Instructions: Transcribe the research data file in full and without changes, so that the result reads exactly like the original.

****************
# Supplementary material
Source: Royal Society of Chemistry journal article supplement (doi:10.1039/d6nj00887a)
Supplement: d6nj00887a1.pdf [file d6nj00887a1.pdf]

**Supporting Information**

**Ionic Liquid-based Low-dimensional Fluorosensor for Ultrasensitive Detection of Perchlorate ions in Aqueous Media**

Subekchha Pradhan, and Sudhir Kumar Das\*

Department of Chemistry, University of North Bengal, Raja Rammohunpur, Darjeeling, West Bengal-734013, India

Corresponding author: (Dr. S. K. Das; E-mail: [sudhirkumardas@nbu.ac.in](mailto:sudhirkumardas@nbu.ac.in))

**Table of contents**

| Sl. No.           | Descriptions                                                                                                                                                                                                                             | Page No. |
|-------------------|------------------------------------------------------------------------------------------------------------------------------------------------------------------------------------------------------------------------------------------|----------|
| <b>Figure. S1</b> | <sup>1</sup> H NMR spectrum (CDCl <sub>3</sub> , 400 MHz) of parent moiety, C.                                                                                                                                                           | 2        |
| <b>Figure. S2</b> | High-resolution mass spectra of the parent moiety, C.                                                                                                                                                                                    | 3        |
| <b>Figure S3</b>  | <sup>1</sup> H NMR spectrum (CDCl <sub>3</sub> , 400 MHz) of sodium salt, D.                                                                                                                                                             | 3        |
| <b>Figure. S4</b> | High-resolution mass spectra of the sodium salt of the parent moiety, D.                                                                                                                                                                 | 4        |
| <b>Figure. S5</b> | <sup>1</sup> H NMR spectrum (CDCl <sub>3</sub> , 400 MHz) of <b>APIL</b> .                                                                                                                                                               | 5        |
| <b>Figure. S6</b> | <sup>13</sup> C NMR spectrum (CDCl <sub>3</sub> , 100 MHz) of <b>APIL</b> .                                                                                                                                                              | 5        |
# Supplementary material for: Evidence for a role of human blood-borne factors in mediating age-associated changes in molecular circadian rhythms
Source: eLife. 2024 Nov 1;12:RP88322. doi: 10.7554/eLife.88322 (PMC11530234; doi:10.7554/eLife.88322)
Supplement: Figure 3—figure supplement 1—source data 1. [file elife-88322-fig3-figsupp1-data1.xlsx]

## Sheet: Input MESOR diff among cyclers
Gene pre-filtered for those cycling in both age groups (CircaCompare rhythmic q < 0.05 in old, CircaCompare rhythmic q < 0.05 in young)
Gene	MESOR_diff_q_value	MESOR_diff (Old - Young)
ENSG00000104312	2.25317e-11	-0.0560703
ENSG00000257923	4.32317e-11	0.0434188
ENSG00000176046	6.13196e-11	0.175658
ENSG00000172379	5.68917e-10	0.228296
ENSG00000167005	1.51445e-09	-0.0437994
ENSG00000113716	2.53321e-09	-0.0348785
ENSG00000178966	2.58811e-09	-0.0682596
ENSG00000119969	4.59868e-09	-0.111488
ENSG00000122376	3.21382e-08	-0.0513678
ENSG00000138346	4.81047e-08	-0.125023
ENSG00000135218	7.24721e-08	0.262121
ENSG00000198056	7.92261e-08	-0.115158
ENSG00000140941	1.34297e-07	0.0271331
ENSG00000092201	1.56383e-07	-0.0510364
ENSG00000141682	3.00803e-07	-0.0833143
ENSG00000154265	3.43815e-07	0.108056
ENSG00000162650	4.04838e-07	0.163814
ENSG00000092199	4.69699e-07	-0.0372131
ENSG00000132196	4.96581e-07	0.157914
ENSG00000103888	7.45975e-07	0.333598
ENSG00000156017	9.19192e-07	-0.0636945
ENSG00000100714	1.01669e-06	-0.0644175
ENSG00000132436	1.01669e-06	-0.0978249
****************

# Supplementary material
Source: Royal Society of Chemistry journal article supplement (doi:10.1039/d6nj00887a)
Supplement: d6nj00887a1.pdf [file d6nj00887a1.pdf]

**Supporting Information**

**Ionic Liquid-based Low-dimensional Fluorosensor for Ultrasensitive Detection of Perchlorate ions in Aqueous Media**

Subekchha Pradhan, and Sudhir Kumar Das\*

Department of Chemistry, University of North Bengal, Raja Rammohunpur, Darjeeling, West Bengal-734013, India

Corresponding author: (Dr. S. K. Das; E-mail: [sudhirkumardas@nbu.ac.in](mailto:sudhirkumardas@nbu.ac.in))

**Table of contents**

| Sl. No.           | Descriptions                                                                                                                                                                                                                             | Page No. |
|-------------------|------------------------------------------------------------------------------------------------------------------------------------------------------------------------------------------------------------------------------------------|----------|
| <b>Figure. S1</b> | <sup>1</sup> H NMR spectrum (CDCl <sub>3</sub> , 400 MHz) of parent moiety, C.                                                                                                                                                           | 2        |
| <b>Figure. S2</b> | High-resolution mass spectra of the parent moiety, C.                                                                                                                                                                                    | 3        |
| <b>Figure S3</b>  | <sup>1</sup> H NMR spectrum (CDCl <sub>3</sub> , 400 MHz) of sodium salt, D.                                                                                                                                                             | 3        |
| <b>Figure. S4</b> | High-resolution mass spectra of the sodium salt of the parent moiety, D.                                                                                                                                                                 | 4        |
| <b>Figure. S5</b> | <sup>1</sup> H NMR spectrum (CDCl <sub>3</sub> , 400 MHz) of <b>APIL</b> .                                                                                                                                                               | 5        |
| <b>Figure. S6</b> | <sup>13</sup> C NMR spectrum (CDCl <sub>3</sub> , 100 MHz) of <b>APIL</b> .                                                                                                                                                              | 5        |
# Supplementary material for: Evidence for a role of human blood-borne factors in mediating age-associated changes in molecular circadian rhythms
Source: eLife. 2024 Nov 1;12:RP88322. doi: 10.7554/eLife.88322 (PMC11530234; doi:10.7554/eLife.88322)
Supplement: Figure 3—figure supplement 1—source data 1. [file elife-88322-fig3-figsupp1-data1.xlsx]

## Sheet: Input MESOR diff among cyclers
Gene pre-filtered for those cycling in both age groups (CircaCompare rhythmic q < 0.05 in old, CircaCompare rhythmic q < 0.05 in young)
Gene	MESOR_diff_q_value	MESOR_diff (Old - Young)
ENSG00000104312	2.25317e-11	-0.0560703
ENSG00000257923	4.32317e-11	0.0434188
ENSG00000176046	6.13196e-11	0.175658
ENSG00000172379	5.68917e-10	0.228296
ENSG00000167005	1.51445e-09	-0.0437994
ENSG00000113716	2.53321e-09	-0.0348785
ENSG00000178966	2.58811e-09	-0.0682596
ENSG00000119969	4.59868e-09	-0.111488
ENSG00000122376	3.21382e-08	-0.0513678
ENSG00000138346	4.81047e-08	-0.125023
ENSG00000135218	7.24721e-08	0.262121
ENSG00000198056	7.92261e-08	-0.115158
ENSG00000140941	1.34297e-07	0.0271331
ENSG00000092201	1.56383e-07	-0.0510364
ENSG00000141682	3.00803e-07	-0.0833143
ENSG00000154265	3.43815e-07	0.108056
ENSG00000162650	4.04838e-07	0.163814
ENSG00000092199	4.69699e-07	-0.0372131
ENSG00000132196	4.96581e-07	0.157914
ENSG00000103888	7.45975e-07	0.333598
ENSG00000156017	9.19192e-07	-0.0636945
ENSG00000100714	1.01669e-06	-0.0644175
ENSG00000132436	1.01669e-06	-0.0978249